I was most interested in seeing the technique in macaron making called the “macaronage”. It is the process of combining the almond meal/powdered sugar/ liquid egg whites with the whipped egg whites. This step has been shrouded in mystery for me as some recipes call for an exact number of strokes and often tell you that you know you are done when the mixture is like “magma”. That is very specific and somewhat vague at the same time. I’ve watched a million YouTube videos and looked at tutorials for this step but there is nothing like seeing it in person.
It wasn’t actually that big of deal. No secrets or specific strokes. The main thing I got out of it was that I have been over mixing my batter and knocking too much air out of it. It was just one of those things that I had to see for myself.
I decided that (once I got over my cold) I needed to make a match of shells as soon as possible in order to see if what I learned in class actually made a difference in my home kitchen. I am happy to report that I got an almost 100% shell success rate, which is awesome. I think I need to play around with the cooking time but I am really pleased.
Three out of a hundred…not bad! These came from the center of the baking sheet and because of the way my oven works, the center doesn’t get as hot as the edges, so the macarons in the middle of the baking sheet tend to stick. During the cooking class, Constance showed us how to make a jam for the macarons. She used frozen blackberries, sugar and dumped in a little powdered pectin. It was the easiest thing the world. We tested for doneness by dropping little blobs on to a plate and checking to see if they were “jammy” and jewel-like. Once it was done, the mixture was dumped out onto a plate, a piece of plastic wrap went on top and into the fridge it went. Easy. Did I mention it was easy?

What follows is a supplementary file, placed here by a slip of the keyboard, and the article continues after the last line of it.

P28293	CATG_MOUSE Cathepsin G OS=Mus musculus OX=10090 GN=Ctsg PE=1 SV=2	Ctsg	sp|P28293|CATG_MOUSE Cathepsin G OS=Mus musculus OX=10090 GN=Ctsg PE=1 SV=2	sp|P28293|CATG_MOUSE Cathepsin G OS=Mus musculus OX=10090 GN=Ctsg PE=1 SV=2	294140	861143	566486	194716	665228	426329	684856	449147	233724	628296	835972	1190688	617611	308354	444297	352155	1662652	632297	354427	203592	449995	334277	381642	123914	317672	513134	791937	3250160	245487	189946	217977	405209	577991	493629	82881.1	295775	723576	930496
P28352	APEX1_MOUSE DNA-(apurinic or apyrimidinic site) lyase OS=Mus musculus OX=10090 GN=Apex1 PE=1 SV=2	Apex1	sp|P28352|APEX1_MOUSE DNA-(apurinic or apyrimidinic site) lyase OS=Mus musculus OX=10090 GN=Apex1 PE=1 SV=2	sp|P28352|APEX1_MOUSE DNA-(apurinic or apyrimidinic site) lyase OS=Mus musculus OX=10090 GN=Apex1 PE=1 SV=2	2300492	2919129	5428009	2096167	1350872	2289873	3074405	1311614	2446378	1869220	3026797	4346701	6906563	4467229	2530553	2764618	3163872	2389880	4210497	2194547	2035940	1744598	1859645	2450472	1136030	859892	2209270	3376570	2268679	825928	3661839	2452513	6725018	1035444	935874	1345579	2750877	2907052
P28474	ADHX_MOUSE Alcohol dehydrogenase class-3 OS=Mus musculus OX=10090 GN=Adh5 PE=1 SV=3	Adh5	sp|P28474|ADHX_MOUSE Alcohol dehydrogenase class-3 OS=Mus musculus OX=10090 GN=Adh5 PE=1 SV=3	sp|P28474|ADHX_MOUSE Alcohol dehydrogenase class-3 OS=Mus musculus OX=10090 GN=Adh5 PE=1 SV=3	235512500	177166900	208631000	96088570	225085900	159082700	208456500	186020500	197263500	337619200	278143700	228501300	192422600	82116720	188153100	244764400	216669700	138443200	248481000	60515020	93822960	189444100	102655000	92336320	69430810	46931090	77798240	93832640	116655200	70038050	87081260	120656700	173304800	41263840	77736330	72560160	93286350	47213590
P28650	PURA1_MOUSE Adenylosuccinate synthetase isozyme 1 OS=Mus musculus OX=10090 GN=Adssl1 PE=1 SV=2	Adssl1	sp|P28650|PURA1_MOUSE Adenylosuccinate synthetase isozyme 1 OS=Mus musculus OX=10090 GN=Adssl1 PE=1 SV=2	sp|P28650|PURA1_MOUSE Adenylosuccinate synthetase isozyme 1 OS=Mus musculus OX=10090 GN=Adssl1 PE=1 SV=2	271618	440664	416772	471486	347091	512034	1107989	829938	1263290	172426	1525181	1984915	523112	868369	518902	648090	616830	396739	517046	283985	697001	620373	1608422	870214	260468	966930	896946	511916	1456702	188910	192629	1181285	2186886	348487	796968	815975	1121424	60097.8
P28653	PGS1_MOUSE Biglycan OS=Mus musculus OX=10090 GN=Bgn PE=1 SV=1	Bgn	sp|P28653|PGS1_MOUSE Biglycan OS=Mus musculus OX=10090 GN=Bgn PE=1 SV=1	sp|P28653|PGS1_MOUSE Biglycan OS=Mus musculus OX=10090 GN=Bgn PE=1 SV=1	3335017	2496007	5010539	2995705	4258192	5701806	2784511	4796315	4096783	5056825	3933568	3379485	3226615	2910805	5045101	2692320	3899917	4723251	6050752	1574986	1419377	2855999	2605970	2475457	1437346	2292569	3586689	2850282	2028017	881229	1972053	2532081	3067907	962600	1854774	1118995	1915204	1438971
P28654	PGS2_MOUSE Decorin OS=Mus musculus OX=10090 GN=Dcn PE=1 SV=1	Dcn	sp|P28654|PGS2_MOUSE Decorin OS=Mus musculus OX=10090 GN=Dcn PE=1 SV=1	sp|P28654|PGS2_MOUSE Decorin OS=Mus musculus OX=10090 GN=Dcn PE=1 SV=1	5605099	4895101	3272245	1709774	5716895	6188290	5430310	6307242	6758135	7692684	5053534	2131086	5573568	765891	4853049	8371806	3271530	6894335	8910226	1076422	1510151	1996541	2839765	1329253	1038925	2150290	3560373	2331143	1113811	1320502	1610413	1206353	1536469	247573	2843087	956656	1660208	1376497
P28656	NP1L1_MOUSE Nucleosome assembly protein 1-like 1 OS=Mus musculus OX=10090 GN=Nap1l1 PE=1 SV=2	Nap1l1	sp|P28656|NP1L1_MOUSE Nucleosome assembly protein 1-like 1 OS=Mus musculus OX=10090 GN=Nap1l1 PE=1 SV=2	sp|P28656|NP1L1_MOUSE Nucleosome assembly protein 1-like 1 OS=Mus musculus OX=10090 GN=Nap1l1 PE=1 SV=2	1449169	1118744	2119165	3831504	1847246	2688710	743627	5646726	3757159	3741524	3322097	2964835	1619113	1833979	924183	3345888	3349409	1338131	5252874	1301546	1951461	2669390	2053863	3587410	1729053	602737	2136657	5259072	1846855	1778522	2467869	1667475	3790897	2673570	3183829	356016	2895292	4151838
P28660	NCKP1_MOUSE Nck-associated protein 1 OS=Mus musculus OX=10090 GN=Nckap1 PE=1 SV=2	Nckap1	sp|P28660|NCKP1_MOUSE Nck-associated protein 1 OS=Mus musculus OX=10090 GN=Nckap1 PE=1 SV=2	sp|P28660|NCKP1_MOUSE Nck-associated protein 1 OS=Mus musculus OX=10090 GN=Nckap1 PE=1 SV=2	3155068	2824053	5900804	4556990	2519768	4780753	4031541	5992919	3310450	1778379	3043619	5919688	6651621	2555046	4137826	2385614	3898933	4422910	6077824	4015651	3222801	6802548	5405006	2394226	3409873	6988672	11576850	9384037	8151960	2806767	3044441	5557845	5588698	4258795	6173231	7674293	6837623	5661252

I wanted to make a seasonal flavor and decided that I would try rhubarb. I found a recipe for a Rhubarb Beer Jam, got the supplies, and macerated the fruit with the beer and sugar overnight per the recipe’s instructions and was planning on using the same technique that we did in class.
The too-long-don’t-read version of my jam is this: it didn’t work. I don’t know what the heck I did or didn’t do…perhaps I didn’t cook it long enough? Too much liquid with the beer added? I don’t know. I only know that it did not jam and the rhubarb was starting to scorch. It turned out more like a fruit puree.
I tried to salvage the mess by mixing a little of the not-jam with some cream cheese. I filled a few shells and let them sit overnight as is required. I sort of knew in my gut that the filling wasn’t going to work, and I now understand why macaron fillings are usually buttercreams or ganaches. The point of letting the macarons sit overnight is so that the shells absorb what little moisture is in the filling, which softens them slightly and allows the flavors to meld. If the filling is too moist, you will end up with soggy macarons. Like these:
So. How do I make this work? I still have half my batch of shells and about a cup and a half of the not-jam. Here are my options:
- I found a recipe for a rhubarb buttercream, which uses egg yolks. I have a million of these in the freezer so this looks interesting.
- Using white chocolate and folding in the rhubarb to make a flavored ganache. I think I would also like to try to find some Rhubarb bitters to add to this as well. The only issue with this filling is that it might be too sweet for my taste.
- Thickening rhubarb by adding gelatin or agar agar.
I’m thinking the buttercream. I’ll let you know how it goes. I almost forgot to mention the fact that I created my own colored sanding sugar by adding the gel coloring to some turbinado sugar. It worked like a charm!